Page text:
1997: Shape-Shifter (Poet­ry win­ner, Mon­tana NZ Book Awards 1998)
1998: Received an hon­orary Doc­tor­ate of Lit­er­a­ture from Uni­ver­si­ty of Ota­go (“Me…! A Doc­tor!? I can’t even fix me blim­in’ foot!”)
1999: Named New Zealand’s Te Mata Poet Laureate
2001: Pig­gy Back Moon (Poet­ry win­ner, Mon­tana NZ Book Awards 2002)
2003: Named as an Arts Foun­da­tion of New Zealand Icon Artist, received the inau­gur­al Prime Minister’s Award for lit­er­ary achievement.
2005: Hone’s last book Oooooo.…!!! pub­lished; Received an hon­orary doc­tor­ate of lit­er­a­ture from Uni­ver­si­ty of Auckland

Hone Tuwhare: A Biog­ra­phy by Janet Hunt was pub­lished in 1998.
tuwhare – CD released in May 2005, a selec­tion of Hone’s poems set to orig­i­nal music by some of Aotearoa’s top musicians.
Hone Tuwhare – The Return Home, DVD by Michele McGre­gor, 2005

“Hone came to our high school in the 70s as part of a trav­el­ling poet­ry show. He was this sham­bling, surly, larg­er than-life bloke not at all like my image of the clas­sic poets we were study­ing. He made poet­ry seem dangerous.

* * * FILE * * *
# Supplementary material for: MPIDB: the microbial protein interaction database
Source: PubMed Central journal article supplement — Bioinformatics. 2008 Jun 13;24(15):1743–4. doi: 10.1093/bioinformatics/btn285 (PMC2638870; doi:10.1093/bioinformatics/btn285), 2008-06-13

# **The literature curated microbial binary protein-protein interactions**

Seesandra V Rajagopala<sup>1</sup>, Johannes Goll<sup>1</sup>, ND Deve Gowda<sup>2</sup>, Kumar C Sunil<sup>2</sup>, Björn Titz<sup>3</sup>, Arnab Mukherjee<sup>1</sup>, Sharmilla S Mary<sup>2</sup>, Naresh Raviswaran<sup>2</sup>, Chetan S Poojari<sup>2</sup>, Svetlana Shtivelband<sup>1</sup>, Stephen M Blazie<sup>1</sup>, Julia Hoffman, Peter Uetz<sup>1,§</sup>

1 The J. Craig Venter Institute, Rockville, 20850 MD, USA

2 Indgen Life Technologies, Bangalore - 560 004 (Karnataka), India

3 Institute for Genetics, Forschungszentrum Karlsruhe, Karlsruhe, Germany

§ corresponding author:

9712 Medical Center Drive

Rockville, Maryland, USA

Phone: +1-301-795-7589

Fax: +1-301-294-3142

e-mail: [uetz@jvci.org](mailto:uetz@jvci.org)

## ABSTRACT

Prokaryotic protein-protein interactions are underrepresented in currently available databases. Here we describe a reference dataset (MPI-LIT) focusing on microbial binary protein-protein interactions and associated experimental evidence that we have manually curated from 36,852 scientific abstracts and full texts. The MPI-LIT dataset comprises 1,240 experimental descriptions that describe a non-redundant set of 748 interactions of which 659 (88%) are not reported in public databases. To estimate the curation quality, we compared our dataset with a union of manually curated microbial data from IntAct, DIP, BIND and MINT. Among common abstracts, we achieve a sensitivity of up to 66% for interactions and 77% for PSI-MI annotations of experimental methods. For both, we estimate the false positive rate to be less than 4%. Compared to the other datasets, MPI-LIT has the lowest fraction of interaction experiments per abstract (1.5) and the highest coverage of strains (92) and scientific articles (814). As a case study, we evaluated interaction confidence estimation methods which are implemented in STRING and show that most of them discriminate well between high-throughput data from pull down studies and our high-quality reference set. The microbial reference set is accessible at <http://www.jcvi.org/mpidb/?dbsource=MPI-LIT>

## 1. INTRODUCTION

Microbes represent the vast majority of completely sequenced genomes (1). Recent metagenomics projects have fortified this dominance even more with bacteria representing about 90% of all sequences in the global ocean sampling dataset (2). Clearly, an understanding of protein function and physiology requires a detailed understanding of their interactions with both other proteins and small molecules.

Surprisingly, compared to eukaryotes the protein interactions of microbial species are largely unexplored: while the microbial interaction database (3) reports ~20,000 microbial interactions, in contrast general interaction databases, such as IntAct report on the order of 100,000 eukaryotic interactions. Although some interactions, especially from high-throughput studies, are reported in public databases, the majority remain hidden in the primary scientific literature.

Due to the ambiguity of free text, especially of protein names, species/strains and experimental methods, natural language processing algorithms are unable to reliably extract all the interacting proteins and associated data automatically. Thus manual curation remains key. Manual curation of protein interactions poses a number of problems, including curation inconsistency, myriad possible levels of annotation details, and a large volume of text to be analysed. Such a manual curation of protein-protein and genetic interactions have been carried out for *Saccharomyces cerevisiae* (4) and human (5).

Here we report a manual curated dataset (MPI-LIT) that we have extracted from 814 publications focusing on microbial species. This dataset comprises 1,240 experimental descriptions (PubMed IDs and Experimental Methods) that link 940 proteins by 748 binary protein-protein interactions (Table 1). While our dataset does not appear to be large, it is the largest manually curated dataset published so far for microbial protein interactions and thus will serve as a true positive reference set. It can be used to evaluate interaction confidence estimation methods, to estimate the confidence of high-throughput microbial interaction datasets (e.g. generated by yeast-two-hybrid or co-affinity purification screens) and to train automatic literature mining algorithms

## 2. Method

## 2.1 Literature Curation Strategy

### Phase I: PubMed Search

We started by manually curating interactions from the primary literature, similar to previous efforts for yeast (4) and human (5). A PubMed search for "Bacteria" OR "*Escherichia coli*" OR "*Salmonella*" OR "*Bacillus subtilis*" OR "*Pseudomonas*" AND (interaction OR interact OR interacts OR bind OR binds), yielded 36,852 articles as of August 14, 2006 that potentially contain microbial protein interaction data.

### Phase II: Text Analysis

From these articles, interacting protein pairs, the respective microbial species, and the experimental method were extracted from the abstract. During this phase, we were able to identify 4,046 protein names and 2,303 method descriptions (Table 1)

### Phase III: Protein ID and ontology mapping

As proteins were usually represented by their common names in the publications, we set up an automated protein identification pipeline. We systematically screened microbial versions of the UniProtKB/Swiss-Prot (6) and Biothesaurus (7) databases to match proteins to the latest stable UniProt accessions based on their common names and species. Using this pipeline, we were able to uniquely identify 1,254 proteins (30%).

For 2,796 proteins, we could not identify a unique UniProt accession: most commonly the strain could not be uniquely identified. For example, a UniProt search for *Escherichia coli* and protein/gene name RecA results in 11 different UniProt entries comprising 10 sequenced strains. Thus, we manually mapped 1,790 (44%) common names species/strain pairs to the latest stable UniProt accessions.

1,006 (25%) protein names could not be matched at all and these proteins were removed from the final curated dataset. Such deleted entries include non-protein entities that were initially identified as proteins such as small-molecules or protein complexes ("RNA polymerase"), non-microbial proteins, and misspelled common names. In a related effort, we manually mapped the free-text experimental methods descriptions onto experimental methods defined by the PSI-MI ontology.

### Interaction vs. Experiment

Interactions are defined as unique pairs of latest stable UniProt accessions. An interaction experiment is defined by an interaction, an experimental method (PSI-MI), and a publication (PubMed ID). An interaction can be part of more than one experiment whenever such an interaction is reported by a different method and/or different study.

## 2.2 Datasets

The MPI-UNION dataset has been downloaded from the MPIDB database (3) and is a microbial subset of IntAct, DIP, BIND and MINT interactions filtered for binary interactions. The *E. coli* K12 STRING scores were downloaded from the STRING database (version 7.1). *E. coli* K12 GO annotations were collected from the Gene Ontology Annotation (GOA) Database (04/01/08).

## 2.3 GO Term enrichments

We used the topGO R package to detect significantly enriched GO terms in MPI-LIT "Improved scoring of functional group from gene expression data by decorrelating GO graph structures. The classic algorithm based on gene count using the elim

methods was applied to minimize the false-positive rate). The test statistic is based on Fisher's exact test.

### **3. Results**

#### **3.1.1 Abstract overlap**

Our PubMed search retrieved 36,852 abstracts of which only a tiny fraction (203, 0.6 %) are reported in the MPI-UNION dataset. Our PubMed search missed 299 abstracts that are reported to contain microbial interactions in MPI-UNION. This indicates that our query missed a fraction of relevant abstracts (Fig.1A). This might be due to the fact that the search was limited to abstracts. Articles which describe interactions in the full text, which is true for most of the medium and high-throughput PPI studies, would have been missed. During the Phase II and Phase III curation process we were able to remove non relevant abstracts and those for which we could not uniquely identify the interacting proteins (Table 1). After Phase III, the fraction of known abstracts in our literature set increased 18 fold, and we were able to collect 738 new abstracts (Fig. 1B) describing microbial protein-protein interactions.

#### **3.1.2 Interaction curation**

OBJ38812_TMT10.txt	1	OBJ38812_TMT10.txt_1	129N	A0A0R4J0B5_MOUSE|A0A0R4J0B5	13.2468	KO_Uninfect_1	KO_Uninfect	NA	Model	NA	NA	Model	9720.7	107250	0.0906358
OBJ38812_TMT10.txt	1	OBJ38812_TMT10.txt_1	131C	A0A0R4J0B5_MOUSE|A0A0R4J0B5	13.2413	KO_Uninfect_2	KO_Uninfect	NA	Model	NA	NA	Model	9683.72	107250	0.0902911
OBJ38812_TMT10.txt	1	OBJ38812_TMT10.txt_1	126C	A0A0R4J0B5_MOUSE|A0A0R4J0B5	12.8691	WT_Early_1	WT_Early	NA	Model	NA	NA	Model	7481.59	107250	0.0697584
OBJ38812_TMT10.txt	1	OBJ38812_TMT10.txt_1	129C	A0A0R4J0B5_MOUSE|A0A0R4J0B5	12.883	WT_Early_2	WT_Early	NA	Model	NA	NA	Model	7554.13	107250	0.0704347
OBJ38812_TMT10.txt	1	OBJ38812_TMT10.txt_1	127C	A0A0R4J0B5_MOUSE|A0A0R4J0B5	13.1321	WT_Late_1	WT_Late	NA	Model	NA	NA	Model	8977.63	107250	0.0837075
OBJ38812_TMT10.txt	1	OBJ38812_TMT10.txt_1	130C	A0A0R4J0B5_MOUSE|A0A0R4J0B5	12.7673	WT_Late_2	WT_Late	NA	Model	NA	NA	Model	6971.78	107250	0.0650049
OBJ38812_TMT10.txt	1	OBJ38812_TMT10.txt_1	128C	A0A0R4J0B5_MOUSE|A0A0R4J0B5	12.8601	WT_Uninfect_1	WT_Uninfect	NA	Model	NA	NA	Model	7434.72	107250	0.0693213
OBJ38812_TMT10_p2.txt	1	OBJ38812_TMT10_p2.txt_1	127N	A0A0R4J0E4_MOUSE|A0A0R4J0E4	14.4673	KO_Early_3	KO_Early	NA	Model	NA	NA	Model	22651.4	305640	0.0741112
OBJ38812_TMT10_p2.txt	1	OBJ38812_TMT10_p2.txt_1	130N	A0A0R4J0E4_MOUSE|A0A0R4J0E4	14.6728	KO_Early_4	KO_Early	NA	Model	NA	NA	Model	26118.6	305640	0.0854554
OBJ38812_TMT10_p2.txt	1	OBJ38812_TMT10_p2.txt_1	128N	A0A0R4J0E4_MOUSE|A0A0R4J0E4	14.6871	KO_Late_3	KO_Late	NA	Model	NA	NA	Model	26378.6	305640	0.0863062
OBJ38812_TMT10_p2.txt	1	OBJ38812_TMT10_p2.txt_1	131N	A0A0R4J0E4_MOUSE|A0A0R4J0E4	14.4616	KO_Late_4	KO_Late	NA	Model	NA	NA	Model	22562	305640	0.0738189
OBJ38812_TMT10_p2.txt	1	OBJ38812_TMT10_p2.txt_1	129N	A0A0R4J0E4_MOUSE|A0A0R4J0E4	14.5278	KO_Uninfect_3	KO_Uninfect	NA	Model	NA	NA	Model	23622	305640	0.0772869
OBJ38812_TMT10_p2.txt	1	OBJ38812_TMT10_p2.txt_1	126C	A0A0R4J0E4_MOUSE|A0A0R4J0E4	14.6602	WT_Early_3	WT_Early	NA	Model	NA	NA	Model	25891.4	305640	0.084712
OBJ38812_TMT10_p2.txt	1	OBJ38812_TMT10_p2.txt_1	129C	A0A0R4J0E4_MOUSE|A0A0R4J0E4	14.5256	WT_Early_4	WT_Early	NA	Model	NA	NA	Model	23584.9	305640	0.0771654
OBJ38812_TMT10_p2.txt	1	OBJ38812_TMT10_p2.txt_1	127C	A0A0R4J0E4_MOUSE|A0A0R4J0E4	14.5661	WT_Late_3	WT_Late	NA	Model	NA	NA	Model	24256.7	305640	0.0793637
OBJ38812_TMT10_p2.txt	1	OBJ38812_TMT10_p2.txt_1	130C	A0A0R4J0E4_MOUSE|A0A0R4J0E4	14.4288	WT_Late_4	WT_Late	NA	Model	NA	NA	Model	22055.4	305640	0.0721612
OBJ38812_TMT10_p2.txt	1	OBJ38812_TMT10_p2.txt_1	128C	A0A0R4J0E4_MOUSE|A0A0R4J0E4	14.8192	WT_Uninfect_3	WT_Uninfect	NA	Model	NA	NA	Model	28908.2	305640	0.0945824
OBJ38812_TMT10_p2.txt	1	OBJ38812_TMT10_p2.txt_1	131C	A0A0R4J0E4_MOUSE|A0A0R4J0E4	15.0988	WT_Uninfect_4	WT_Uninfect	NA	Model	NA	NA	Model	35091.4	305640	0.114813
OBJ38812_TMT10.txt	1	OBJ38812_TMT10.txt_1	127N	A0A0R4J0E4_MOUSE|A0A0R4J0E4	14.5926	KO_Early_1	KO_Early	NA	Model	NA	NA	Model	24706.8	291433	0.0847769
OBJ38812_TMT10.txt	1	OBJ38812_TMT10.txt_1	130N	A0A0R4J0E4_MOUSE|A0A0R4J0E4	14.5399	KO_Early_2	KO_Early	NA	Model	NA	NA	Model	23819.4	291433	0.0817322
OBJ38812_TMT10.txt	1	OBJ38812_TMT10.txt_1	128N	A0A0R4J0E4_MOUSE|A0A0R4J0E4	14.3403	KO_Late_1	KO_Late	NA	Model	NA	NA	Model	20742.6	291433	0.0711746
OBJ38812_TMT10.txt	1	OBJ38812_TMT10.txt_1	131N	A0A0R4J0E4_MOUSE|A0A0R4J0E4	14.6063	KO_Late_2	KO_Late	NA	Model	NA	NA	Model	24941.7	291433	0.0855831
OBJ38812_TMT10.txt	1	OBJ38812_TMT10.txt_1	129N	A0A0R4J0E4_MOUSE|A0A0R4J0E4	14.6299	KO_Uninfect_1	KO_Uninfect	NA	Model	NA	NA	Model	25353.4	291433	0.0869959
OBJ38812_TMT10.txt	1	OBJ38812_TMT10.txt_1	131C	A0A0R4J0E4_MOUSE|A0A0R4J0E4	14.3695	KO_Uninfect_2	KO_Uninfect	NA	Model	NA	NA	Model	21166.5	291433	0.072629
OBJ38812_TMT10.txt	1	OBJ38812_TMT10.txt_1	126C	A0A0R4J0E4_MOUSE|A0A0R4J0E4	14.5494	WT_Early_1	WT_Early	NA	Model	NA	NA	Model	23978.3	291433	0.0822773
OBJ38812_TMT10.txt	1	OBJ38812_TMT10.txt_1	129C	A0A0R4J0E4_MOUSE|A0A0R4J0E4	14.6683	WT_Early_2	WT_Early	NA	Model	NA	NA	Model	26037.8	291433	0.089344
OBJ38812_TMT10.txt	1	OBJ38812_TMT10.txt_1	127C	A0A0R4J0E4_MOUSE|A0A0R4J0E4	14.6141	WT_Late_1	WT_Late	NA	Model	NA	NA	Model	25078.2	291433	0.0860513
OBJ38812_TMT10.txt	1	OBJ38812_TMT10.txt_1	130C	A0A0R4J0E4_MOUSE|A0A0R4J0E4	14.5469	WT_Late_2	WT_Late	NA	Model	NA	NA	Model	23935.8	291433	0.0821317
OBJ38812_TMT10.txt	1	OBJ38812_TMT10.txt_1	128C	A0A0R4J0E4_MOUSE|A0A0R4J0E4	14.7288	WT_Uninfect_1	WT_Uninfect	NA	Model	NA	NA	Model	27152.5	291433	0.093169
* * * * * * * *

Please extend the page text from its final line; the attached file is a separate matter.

When I first heard his poem To A Maori Fig­ure Cast In Bronze Out­side the Chief Post Office, Auck­land – the one where the stat­ue, dying for a drink, ogles pass­ing miniskirt­ed girls and longs to be up on the marae where he can watch the ships come in, curl­ing their white mous­tach­es — I could feel a light going on.

Some­one was speak­ing direct­ly to me, about my town — and it made me realise how pow­er­ful that could be. It was a great hon­our to be asked, a cou­ple of years ago, to set a poem of his to music. He was one of my heroes.”
Don McGlashan – New Zealand singer, song­writer, com­pos­er and writer 


I can hear you
mak­ing small holes
in the silence

If I were deaf
the pores of my skin
would open to you
and shut

And I
should know you
by the lick of you
if I were blind

the some­thing
spe­cial smell of you
when the sun cakes
the ground

the steady
drum-roll sound
you make
when the wind drops

But if I
should not hear
smell or feel or see

you would still
define me
dis­perse me
wash over me